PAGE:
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Marketing Mix is an essential tool of a Marketing Plan that helps businesses to place in the market, the right product, in the right place, at the right price and do the right promotion.
You can apply it before the creation of any type of strategy in the NGO you are working with. It helps you position the organization in its context and to define where and when it offers its unique services to the different stakeholders.
In order to do the parallel to the NGO environment, I’ll use the 7Ps Marketing Mix, that is know to be better suited to service industries.
The 7Ps Marketing Mix for NGOs:
- PRODUCT, in the case of an NGO, is equivalent to the ‘benefits’ provided to the target group. In other words, it can be the cause it supports, or the core program/project it is developing. What is important for you here is to understand what the beneficiaries really need. Using marketing jargon – to create a working ‘product or service’ that fits the task ‘consumers’ want it for. I suggest you to study the models adopted by other NGOs that work in the same field. This way you can have a clear understanding of what differentiates your NGO and what is your unique offer to the beneficiaries.
- PRICE would be the funds necessary to implement programs and carry out projects AND the personal cost needed (time, political positioning, …) to support your cause.
- The FUNDS are usually met with the help of donations, association fees, sells, … In case of corporate donors, you can project these costs as an ‘investment’. Since the company has potential gains, like Social Return on Investment (aka SROI). Also remember that they usually are happy to pay a little more for something that is a good investment or that works really well for them – in other words, good value for money.
- The PERSONAL COST it is not up to your NGO to define and it can be very subjective inside the same target group. On the other hand, you gain by understanding effort needed for an activist or a volunteer to support your cause, or even for a beneficiary to accept your help. Is it low enough for them to engage with your NGO? Is it necessary to compensate them somehow or to rethink how and what is being offered?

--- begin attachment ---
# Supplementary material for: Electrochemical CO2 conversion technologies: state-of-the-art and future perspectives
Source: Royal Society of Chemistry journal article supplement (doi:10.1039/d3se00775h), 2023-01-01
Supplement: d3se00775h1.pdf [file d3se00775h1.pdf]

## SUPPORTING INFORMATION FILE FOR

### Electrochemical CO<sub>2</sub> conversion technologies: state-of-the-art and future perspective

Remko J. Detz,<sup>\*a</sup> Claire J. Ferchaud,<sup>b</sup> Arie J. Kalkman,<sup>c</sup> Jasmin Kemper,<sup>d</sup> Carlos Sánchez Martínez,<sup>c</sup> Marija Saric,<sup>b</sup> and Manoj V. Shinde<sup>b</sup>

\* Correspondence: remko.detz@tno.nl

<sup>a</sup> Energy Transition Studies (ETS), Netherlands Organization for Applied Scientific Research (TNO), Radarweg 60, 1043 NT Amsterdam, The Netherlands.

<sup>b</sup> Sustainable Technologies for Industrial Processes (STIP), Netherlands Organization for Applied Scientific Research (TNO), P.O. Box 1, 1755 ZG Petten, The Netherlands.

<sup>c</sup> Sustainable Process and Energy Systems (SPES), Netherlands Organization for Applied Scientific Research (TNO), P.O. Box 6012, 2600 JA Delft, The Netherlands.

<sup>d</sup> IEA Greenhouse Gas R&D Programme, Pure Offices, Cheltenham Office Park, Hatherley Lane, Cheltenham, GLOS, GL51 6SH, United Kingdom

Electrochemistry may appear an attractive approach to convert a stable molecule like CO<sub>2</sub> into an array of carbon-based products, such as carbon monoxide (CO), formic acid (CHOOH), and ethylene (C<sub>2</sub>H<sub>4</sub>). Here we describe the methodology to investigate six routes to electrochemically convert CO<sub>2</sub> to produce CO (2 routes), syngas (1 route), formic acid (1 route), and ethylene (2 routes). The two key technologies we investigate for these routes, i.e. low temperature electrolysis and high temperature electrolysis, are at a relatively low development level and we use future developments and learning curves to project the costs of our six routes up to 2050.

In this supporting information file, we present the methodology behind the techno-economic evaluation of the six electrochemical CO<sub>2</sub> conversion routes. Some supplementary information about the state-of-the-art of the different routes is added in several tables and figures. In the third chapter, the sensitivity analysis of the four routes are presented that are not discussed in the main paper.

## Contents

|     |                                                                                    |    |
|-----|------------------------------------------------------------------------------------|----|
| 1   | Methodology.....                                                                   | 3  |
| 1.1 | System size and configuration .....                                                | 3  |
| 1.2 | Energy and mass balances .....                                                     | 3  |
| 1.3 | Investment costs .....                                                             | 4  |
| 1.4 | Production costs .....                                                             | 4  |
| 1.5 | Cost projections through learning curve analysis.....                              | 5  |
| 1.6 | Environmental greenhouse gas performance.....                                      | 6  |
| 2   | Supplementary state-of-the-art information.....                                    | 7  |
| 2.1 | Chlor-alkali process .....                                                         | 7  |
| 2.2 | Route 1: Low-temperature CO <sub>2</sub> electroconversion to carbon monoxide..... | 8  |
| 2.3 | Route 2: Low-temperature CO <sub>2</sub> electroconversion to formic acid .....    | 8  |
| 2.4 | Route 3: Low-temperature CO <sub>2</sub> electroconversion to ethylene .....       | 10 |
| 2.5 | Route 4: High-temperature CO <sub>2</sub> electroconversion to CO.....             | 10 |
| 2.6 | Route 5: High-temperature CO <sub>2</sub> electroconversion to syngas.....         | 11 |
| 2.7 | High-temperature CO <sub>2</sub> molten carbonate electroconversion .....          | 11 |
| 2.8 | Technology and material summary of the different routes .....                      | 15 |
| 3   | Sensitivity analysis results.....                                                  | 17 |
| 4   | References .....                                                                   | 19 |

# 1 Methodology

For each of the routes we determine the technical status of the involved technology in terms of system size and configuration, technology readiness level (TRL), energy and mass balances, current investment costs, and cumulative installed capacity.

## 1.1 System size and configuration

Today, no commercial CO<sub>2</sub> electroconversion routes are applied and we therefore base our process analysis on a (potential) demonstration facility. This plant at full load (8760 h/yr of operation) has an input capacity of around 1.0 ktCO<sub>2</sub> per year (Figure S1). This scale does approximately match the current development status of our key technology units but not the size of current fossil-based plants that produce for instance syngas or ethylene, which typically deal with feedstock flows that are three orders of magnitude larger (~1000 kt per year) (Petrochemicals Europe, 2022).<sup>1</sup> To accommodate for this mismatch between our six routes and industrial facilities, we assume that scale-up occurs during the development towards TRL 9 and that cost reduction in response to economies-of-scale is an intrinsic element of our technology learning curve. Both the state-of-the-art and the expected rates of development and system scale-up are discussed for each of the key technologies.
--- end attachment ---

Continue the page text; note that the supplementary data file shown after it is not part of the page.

- PLACE implies the easiest access to the product for the consumer. To your NGO this means to have into account the location of the donors and also the needs on the ground (the beneficiaries). Although the last point is the foremost criteria, it is always good to have in mind that, for example, corporate donors tend to invest in a project that is near to them. Not only because of obvious cause relevance, but also for monitoring and engaging with the employees.
- PROMOTION refers to all key communication tools that you use to provide information, about a product or service, to the different stakeholders (whether it is informative or it appeals to their emotions). These include: Advertising, Sales Promotion, Public Relations, Personal Selling and Social Media. In your NGO this is might be represented by the promotional and communication material used in Social Media, in the Website, in Blogs and also with In-person Events (like fundraising events).